In an unhinged time, the real challenge is to strive for balance

Recent events in London are feeding extremist narratives: Jews should fight hate through context and reason

June 20, 2017 12:06

The long days of the year are accompanied by a genuine heat wave. After months of “incidents”, society finally begins to fray: a lone White Van Man ploughs into a crowd of Muslims on Seven Sisters Road as revenge for the London Bridge atrocity. The fourth outrage of an unstable time.

London has become the epicentre of the Anglo-American world’s disintegrating politics. In a conflation of Karl Marx’s famous phrase, we are watching a tragedy and farce – but at the same time.

We are suffering tragicomic whiplash. The tragedy of Grenfell Tower fire was quickly followed by the farce of the hard left not missing the opportunity to miss an opportunity.

It became clear within hours that the victims of the fire were overwhelmingly immigrants and rehoused refugees, most of whom were Muslim. All but one of the rituals of our time followed. Rabbis, imams, ministers … faith leaders were quickly on the scene to show the care and concern of the whole city. A tidal wave of aid washed over the survivors.  So much was donated that 48 hours later, community leaders asked people to stop sending pampers and peanut butter. Londoners once again took a moment to marvel at how our city handles terrorist violence.

The missing ritual was leadership from the top.  Prime Minister Theresa May failed to show any understanding of what had happened, no empathy, no anger on behalf of those housed in a 27-storey firetrap. And in the gap her absence created, hard-left rabble rousers took to the streets. By the time of Sunday’s annual Al-Quds Day march, the left-wing conspiracy theorists and antisemites had put their own narrative on events.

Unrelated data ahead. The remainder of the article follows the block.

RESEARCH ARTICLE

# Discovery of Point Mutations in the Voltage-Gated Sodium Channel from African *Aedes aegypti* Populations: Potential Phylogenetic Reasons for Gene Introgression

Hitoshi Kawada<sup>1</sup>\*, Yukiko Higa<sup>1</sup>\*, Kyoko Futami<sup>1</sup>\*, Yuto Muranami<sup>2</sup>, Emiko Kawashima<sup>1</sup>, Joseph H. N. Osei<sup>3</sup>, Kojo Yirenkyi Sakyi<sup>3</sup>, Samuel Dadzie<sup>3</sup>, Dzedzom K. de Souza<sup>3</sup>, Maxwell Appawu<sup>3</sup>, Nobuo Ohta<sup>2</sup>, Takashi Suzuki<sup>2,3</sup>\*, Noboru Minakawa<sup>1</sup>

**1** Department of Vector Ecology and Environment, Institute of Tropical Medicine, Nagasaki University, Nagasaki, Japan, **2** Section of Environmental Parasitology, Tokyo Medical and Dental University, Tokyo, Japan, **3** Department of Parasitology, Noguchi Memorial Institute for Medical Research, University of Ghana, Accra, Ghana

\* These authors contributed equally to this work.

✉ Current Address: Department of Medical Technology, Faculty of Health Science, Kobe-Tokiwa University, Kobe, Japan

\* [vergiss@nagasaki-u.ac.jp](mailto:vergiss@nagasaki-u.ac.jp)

As the JC reported, the 1,000 or so marchers calling for the end of Israel were treated to a speech whose punchline was: “It’s the Zionists who give money to the Tory Party to kill people in high rise blocks.”

Reading the words is nowhere near as shocking as hearing them in a video on YouTube.

A video of the Al Quds event posted by YouTube user 'Beyond the great divide'

It is the internet and social media that does the most to create the circumstances that allow us to calm ourselves in the wake of a terrorist atrocity and get freaked out at the rise of antisemitism. Even if you don’t do Facebook or Twitter, too much reporting and general conversation is framed by what appears there.

Social network discourse is not an entirely bad thing. The quote above was copied from a screen grab I took from the Al-Quds Day video.  I posted it on Facebook. A friend, who is Syrian, posted this in reply: “’Al-Quds Day Rally' has nothing to do with the liberty of Palestinians or Arabs. It has everything to do with the glorification of the fascists of Hezbollah and their masters in the Iranian regime, liberating their allegedly beloved Palestine one Syrian child at a time.”

Helpful context.

Sadly, this kind of interchange is too rare. On Twitter, with its 140-character limit, ideas, information, and lies masquerading as information become the nihilist perfection of online discourse: the assertion is its own proof.

In this weird moment when there is so much stupidity about and so many platforms on which to express it, it is easy to become unbalanced.

Striving to maintain balance as society goes through epochal change is the challenge of our time.  It has been the challenge for the Jewish community in every period when the old order disintegrates and what will come next is not clear. 

Perhaps the best way to deal with the current situation is to remember the words of 18th century Jewish sage, Moses Mendelssohn. “Adapt yourselves to the morals and constitution of the land to which you have been removed …” In Britain today that would mean live by the one slogan we all acknowledge as having moral and near constitutional force, “Keep calm and carry on.”

June 20, 2017 12:06

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